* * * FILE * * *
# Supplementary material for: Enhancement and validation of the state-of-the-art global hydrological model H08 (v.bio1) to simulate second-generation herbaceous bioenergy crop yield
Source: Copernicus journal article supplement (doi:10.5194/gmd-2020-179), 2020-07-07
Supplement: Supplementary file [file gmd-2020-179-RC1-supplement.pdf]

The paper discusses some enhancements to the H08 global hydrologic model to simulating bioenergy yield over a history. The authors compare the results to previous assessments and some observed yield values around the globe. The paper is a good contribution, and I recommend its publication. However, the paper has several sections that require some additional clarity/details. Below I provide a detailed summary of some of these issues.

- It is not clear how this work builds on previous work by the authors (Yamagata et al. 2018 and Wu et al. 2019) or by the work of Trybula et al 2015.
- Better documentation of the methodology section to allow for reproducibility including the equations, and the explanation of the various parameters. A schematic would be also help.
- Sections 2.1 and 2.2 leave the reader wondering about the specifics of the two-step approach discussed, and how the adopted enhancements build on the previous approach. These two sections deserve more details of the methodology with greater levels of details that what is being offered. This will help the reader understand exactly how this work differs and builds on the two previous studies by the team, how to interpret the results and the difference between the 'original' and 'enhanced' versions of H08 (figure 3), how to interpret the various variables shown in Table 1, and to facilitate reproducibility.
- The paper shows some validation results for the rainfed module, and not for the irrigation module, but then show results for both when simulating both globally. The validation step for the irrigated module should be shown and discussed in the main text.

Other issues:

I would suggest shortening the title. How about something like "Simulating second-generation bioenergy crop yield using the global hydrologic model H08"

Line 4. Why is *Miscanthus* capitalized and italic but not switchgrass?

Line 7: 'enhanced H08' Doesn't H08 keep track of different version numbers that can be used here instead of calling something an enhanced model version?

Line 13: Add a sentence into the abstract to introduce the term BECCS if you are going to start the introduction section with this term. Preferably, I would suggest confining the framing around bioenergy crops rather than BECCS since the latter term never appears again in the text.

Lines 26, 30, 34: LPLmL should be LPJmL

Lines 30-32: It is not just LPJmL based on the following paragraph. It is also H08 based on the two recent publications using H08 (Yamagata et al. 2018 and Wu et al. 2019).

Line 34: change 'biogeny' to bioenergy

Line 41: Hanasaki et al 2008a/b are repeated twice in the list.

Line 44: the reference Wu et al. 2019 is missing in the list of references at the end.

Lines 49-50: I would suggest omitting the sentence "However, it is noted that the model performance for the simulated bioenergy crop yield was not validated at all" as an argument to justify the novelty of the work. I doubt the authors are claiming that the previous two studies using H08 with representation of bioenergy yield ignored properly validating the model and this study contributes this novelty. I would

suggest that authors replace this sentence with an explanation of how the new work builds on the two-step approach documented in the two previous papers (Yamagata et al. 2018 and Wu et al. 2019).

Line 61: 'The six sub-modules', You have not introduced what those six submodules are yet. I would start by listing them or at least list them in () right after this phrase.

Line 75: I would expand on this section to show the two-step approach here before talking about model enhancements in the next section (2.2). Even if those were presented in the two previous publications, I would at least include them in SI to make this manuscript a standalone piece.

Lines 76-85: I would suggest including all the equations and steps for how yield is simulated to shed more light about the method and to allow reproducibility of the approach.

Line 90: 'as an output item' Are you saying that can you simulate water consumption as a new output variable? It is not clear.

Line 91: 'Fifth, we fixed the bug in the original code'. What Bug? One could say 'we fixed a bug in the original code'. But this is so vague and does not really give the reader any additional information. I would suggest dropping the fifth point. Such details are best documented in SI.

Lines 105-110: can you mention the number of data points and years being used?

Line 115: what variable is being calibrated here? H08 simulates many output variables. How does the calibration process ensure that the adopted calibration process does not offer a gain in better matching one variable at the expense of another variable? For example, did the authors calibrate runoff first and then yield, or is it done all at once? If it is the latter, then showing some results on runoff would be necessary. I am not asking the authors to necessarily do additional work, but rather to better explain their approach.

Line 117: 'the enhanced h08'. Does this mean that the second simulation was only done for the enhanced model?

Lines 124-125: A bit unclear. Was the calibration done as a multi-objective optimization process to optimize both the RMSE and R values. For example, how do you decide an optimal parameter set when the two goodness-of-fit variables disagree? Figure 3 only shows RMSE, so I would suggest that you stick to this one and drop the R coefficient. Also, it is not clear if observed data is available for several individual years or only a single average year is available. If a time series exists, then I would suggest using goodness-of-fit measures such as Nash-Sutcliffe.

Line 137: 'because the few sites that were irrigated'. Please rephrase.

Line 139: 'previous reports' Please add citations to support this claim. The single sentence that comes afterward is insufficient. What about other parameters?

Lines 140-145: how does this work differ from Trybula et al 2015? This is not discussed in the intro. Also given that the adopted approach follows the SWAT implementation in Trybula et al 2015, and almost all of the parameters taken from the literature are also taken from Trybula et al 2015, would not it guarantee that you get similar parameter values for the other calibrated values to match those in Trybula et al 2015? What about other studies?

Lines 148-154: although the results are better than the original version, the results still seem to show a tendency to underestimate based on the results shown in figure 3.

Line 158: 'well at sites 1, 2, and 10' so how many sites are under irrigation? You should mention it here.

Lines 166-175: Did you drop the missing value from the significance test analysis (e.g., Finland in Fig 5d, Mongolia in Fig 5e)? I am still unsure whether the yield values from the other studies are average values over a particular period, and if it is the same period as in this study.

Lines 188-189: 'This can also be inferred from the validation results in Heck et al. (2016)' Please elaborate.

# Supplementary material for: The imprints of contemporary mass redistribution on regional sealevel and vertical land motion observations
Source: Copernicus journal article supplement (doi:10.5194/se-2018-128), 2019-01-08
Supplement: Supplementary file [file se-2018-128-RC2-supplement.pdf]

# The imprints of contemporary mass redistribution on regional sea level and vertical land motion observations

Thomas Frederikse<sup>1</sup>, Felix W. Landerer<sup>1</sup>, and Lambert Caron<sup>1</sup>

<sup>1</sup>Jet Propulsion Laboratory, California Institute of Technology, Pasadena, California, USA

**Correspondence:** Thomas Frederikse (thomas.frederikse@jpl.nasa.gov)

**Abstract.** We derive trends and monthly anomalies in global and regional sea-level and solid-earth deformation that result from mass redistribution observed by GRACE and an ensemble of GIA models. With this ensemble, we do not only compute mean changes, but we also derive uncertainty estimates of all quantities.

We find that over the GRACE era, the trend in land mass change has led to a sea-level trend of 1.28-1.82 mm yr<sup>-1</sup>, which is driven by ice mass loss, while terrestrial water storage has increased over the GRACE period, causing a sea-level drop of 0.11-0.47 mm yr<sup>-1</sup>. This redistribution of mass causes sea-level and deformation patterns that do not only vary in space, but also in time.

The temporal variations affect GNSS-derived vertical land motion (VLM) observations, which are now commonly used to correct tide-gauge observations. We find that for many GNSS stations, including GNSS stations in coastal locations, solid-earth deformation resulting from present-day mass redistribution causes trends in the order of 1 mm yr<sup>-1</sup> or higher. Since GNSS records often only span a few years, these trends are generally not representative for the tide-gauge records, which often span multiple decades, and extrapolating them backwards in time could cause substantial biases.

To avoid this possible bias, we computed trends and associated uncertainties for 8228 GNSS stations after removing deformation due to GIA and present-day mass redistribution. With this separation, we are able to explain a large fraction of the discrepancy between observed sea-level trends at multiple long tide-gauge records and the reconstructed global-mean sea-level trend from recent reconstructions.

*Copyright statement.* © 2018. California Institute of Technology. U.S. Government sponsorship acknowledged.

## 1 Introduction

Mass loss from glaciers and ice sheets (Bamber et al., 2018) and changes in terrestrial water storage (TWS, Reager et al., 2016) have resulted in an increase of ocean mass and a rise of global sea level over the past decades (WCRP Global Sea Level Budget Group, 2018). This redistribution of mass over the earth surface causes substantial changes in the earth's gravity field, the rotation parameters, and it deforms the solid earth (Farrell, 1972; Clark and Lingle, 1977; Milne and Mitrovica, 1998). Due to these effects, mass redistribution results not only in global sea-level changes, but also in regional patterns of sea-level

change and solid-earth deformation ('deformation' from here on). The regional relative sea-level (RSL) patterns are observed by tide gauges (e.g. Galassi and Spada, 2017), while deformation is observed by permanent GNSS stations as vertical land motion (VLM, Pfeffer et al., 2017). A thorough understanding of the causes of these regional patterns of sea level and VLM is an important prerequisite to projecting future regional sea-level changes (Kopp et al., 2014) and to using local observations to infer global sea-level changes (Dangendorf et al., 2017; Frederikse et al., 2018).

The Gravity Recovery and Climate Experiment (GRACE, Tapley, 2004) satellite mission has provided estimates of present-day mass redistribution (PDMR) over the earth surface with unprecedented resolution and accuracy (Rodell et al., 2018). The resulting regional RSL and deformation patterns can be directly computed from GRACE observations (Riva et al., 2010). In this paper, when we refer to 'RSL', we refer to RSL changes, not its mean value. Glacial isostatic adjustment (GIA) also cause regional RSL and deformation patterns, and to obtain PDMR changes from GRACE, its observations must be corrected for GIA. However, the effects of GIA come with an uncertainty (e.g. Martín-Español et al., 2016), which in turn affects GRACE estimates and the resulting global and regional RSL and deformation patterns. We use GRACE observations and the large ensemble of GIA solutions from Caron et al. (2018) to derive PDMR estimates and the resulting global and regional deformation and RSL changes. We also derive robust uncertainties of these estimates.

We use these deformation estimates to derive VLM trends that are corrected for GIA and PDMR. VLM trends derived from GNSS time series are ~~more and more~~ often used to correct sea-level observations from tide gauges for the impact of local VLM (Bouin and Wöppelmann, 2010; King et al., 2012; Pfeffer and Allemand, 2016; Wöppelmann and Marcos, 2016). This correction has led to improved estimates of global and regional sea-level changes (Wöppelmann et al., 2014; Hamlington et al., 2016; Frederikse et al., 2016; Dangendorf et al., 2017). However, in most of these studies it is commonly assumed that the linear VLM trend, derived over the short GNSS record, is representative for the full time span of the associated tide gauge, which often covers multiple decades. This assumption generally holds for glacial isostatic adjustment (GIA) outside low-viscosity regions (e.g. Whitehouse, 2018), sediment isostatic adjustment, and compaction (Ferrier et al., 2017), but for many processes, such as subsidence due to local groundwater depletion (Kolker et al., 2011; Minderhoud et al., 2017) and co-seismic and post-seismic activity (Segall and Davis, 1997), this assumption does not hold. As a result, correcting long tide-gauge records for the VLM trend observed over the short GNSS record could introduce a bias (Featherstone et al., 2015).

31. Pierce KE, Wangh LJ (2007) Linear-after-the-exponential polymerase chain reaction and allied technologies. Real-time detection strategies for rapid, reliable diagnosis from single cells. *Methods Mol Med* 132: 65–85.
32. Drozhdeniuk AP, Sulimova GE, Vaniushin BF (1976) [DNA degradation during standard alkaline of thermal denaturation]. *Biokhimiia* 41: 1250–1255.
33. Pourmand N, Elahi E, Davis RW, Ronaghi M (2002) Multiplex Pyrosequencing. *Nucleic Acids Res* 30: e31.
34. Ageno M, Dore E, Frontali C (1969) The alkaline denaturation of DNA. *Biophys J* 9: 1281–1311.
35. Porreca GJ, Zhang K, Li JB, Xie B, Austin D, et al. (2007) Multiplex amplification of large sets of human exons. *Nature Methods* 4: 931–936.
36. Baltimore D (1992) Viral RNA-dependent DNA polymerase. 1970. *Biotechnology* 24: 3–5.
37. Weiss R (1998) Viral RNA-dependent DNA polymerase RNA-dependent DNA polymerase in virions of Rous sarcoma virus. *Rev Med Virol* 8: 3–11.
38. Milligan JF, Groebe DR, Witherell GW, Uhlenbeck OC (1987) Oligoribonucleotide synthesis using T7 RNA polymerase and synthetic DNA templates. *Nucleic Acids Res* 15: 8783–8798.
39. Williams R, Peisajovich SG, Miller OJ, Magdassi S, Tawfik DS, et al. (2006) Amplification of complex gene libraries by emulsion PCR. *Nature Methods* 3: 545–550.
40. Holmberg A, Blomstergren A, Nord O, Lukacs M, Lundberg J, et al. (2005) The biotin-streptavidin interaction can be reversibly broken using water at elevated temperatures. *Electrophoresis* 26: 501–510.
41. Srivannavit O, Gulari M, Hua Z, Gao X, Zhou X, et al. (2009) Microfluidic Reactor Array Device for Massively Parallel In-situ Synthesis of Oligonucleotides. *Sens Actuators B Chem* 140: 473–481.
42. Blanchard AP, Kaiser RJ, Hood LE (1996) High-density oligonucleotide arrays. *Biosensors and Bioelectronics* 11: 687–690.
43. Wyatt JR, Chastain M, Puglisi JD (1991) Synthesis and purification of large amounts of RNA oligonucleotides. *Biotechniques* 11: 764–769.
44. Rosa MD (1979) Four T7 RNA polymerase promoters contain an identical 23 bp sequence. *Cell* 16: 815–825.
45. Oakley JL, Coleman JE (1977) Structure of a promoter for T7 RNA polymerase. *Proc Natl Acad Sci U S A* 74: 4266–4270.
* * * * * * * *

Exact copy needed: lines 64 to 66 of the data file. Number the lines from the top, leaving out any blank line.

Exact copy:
41. Srivannavit O, Gulari M, Hua Z, Gao X, Zhou X, et al. (2009) Microfluidic Reactor Array Device for Massively Parallel In-situ Synthesis of Oligonucleotides. *Sens Actuators B Chem* 140: 473–481.
42. Blanchard AP, Kaiser RJ, Hood LE (1996) High-density oligonucleotide arrays. *Biosensors and Bioelectronics* 11: 687–690.
43. Wyatt JR, Chastain M, Puglisi JD (1991) Synthesis and purification of large amounts of RNA oligonucleotides. *Biotechniques* 11: 764–769.